When we’re discussing tracking social media promotions and discounts in analytics, it’s important to keep in mind that this is inbound traffic to your site — not social activity that’s happening on your site. Google Analytics has many features with regard to social interactions, but that’s how to capture social interaction when a current visitor interacts on your site with a like button, a follow button, or other interaction.
Our focus here is the impact of social initiatives that refer traffic to your brand. These activities include referrals from different social networks, along with their conversion activity on your site. Remember: a conversion doesn’t necessarily have to be a purchase; it can also be a download of your whitepaper, a subscription to your newsletter, a registration for a demo, or any number of behaviors that are indicative of a visitor engaging with your brand.
Notice that I said brand and not website? That’s because there are a number of different ways that visitors can interact and convert with your brand outside your website but through social media. Mobile applications, Facebook Applications, and even phone calls can be tracked back to social engagement but often go untracked in your overall social strategy.
Social media marketing includes paid and sponsored updates
Social media marketing can include both organic behavior as well as an increasingly important strategy — paid social media marketing. If you’ve got a great community built on your brand’s Facebook page, your updates aren’t going to get much exposure unless you’re paying for Facebook Ads to get the word out. Facebook states that pages organically reach about 16 percent of their overall fans on average.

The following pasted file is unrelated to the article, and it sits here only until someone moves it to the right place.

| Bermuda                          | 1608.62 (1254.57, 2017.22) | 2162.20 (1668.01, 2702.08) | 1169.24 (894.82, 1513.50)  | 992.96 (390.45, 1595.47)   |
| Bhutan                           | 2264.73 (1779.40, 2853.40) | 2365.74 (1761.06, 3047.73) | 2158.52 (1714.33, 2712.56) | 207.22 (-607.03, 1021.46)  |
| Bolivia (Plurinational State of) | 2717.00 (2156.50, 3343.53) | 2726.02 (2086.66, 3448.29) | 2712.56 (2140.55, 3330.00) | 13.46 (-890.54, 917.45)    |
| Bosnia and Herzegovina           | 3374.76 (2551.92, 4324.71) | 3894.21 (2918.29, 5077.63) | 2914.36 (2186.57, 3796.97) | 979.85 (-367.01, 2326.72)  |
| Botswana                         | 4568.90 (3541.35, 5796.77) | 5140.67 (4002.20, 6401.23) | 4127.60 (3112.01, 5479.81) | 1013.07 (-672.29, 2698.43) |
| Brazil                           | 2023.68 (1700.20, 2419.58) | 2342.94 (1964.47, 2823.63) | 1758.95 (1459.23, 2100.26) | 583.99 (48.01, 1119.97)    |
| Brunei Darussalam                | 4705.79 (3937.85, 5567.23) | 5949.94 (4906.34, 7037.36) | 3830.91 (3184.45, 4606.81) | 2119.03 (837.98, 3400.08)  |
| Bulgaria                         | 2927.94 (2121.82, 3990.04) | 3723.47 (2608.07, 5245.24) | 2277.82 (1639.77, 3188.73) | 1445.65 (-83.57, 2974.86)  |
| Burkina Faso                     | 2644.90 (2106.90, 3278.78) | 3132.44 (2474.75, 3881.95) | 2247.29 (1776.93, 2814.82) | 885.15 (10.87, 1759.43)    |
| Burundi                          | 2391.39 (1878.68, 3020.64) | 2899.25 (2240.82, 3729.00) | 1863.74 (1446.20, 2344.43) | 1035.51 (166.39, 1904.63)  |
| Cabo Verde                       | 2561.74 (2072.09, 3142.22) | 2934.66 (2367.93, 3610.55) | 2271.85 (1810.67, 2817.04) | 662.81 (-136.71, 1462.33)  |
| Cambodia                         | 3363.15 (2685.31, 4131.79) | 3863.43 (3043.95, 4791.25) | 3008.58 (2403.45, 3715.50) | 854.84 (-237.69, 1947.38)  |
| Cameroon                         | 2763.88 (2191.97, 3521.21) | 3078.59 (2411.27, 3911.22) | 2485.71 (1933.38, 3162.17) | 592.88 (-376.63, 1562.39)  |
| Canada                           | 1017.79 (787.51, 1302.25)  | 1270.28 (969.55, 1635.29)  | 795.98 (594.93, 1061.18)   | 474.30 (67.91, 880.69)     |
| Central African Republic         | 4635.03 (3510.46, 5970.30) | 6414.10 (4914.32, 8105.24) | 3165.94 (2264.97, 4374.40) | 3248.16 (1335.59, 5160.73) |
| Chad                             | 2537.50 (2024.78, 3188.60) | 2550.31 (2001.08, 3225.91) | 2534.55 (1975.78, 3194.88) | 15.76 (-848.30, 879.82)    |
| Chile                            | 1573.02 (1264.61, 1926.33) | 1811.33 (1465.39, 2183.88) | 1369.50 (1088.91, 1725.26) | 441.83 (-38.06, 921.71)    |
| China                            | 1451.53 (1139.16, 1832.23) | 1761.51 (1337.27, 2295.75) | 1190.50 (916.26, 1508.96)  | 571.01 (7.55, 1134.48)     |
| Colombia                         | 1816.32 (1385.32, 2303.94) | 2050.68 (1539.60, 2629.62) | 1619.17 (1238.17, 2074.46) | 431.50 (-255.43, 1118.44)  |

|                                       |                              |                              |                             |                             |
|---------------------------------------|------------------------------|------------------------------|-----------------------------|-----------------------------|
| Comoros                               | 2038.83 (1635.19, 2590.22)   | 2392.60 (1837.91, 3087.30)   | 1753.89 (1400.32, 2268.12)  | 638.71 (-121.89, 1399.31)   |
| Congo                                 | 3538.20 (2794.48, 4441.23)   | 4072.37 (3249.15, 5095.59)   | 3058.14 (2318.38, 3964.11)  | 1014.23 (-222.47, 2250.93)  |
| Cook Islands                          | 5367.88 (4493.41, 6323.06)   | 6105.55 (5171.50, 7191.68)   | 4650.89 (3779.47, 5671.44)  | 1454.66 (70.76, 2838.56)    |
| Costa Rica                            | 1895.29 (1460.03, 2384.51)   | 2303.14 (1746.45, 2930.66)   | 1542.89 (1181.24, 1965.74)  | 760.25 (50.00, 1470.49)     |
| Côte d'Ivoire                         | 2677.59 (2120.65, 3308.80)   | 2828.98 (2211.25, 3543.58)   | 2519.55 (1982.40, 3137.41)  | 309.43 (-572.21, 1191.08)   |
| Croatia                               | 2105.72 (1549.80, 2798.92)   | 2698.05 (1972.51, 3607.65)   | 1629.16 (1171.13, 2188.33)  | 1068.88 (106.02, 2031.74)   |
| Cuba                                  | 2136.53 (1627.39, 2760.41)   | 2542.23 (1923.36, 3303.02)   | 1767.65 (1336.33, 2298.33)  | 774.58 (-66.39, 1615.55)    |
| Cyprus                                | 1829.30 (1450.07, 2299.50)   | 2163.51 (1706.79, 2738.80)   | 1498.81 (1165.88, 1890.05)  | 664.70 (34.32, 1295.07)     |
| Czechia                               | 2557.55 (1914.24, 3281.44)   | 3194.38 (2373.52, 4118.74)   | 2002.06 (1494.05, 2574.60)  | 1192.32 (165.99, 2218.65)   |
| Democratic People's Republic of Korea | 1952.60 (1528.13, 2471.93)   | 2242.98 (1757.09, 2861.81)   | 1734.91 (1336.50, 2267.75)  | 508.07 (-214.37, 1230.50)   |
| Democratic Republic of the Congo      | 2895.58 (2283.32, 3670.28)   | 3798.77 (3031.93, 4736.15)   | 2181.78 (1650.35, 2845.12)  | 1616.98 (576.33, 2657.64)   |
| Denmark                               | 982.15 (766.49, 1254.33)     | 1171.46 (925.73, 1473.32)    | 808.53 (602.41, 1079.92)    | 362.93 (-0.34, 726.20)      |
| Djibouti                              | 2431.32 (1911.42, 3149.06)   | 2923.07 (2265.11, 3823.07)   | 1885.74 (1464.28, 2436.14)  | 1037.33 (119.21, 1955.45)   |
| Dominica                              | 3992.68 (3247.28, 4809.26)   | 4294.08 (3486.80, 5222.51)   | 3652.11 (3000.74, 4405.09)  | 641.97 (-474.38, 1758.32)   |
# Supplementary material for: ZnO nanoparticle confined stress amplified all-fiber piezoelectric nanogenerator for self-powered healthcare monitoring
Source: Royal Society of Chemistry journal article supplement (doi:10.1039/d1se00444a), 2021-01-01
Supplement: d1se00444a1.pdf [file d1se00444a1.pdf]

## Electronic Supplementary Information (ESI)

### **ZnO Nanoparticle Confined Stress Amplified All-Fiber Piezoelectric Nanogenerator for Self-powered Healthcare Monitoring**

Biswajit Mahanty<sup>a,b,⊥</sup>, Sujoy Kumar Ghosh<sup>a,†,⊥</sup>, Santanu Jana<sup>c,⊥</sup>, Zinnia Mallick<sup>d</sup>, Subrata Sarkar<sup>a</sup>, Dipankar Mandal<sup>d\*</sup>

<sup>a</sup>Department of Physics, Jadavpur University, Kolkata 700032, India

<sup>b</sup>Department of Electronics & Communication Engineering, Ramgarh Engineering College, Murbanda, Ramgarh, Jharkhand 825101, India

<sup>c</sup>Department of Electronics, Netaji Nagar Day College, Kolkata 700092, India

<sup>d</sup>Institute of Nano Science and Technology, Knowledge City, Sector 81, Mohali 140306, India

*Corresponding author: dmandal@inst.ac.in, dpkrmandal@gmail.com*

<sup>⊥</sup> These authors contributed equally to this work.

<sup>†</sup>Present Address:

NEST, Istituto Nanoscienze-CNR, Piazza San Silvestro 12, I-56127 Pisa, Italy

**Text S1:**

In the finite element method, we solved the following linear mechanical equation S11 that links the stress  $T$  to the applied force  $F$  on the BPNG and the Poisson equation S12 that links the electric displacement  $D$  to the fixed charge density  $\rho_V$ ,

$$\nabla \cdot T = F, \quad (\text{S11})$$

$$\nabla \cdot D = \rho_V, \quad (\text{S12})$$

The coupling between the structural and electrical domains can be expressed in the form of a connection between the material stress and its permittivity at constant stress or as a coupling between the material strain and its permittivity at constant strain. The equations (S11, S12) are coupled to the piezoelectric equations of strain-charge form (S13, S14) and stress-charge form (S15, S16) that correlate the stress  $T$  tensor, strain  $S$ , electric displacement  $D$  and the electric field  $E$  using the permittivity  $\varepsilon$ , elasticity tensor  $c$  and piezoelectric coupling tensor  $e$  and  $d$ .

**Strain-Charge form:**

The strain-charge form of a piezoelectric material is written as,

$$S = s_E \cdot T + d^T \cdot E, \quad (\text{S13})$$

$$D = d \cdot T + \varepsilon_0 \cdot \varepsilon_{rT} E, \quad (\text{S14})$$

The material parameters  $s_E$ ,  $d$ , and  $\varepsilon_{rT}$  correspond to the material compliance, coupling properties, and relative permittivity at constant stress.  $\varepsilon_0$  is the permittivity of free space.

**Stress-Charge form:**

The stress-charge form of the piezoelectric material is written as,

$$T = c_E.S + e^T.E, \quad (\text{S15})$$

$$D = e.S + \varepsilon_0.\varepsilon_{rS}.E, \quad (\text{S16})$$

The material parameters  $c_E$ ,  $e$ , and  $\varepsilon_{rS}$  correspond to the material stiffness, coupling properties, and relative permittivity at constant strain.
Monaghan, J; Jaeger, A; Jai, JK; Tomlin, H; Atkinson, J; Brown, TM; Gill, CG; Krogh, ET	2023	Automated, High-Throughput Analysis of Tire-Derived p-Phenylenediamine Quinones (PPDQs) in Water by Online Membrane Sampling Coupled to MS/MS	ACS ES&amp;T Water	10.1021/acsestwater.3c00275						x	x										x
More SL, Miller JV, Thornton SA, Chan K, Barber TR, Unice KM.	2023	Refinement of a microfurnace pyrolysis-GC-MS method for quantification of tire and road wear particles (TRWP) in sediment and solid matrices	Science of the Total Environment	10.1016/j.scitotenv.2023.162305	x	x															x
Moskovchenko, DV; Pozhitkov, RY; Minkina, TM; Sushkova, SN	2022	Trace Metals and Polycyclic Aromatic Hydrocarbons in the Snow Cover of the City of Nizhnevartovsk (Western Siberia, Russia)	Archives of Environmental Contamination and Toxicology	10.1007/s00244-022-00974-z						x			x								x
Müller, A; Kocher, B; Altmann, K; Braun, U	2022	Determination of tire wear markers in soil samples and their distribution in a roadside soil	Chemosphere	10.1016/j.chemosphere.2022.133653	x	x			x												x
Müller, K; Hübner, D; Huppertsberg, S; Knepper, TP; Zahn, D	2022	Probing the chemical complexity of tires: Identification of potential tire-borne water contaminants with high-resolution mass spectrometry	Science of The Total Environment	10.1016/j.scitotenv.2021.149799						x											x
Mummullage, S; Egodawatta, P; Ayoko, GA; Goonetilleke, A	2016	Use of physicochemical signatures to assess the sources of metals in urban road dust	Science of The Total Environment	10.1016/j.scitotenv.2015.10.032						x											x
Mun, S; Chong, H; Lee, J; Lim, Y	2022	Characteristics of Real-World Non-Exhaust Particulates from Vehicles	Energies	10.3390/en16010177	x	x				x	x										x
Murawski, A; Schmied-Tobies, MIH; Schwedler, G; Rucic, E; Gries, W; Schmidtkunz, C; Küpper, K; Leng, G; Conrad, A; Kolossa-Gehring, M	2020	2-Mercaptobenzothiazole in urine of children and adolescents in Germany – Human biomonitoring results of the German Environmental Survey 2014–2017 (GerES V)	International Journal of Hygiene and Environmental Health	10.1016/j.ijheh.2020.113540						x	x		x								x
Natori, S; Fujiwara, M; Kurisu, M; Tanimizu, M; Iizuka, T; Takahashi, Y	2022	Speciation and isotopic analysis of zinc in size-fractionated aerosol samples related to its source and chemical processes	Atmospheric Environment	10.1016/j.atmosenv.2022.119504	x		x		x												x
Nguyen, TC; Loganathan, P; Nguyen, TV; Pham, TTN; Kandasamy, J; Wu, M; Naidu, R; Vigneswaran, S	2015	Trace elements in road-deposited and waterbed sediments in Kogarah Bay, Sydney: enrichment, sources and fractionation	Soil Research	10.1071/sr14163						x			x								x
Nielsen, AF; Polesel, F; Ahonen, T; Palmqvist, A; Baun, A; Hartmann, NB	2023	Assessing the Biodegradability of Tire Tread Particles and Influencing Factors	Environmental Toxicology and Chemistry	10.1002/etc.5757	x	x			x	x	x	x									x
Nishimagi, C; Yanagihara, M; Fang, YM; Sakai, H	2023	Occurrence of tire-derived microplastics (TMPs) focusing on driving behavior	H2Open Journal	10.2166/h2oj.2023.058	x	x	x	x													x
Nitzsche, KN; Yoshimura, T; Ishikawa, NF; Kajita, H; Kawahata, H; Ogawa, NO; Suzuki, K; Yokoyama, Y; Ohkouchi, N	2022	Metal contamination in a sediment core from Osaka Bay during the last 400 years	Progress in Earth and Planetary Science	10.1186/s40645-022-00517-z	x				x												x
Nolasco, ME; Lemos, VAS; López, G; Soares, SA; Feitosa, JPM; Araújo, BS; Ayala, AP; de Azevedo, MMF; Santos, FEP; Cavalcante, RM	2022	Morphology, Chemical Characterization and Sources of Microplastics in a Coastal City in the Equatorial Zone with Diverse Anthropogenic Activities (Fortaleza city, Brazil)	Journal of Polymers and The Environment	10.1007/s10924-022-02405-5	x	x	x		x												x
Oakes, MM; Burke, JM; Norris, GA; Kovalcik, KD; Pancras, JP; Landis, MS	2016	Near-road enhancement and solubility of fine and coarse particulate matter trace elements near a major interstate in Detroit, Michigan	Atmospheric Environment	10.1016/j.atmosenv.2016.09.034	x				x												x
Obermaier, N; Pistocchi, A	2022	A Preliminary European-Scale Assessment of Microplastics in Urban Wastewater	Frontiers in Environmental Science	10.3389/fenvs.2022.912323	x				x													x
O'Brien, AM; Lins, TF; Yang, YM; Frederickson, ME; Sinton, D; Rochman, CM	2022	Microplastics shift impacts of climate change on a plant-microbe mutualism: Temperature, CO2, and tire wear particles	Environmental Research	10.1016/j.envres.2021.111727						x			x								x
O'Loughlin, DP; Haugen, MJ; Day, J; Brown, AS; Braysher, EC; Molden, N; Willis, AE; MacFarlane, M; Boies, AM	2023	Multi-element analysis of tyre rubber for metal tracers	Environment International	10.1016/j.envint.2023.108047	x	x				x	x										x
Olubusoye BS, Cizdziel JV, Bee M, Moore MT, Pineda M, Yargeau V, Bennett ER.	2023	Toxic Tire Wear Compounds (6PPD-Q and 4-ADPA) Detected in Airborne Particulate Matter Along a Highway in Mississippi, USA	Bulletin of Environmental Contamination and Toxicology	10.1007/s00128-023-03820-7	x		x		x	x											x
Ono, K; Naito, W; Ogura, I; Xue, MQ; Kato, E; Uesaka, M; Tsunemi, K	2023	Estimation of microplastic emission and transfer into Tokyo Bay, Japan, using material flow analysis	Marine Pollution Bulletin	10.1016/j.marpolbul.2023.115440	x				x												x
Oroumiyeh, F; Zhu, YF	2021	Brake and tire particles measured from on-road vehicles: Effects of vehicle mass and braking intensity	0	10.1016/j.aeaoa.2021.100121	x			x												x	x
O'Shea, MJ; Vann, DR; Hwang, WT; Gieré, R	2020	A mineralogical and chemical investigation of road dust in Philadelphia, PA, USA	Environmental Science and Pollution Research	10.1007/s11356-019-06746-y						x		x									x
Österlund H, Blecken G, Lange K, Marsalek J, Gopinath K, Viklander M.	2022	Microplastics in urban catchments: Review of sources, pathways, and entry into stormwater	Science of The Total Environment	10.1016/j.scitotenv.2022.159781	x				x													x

Twitter, Facebook, LinkedIn, Pinterest … virtually every platform has its own advertising system where you can set daily budgets and finitely target the consumers or businesses that you hope to do business with.
Does social media underperform?
The majority of analytics platforms track a conversion with respect to who brought the visitor in last. This is known as last-touch attribution. That’s a problem nowadays as our cross-channel strategies become more interdependent upon one another. For example:
- Your company shares an infographic on your blog.
- The blog is shared through your social media channels.
- The social media channels light up and provide a ton of direct traffic back to your site, but no one converts.
- Because of the popularity of the infographic, it’s shared on several high-authority industry sites that mention you and link to the infographic.
- That linking generates authority on some very specific keywords associated with your industry.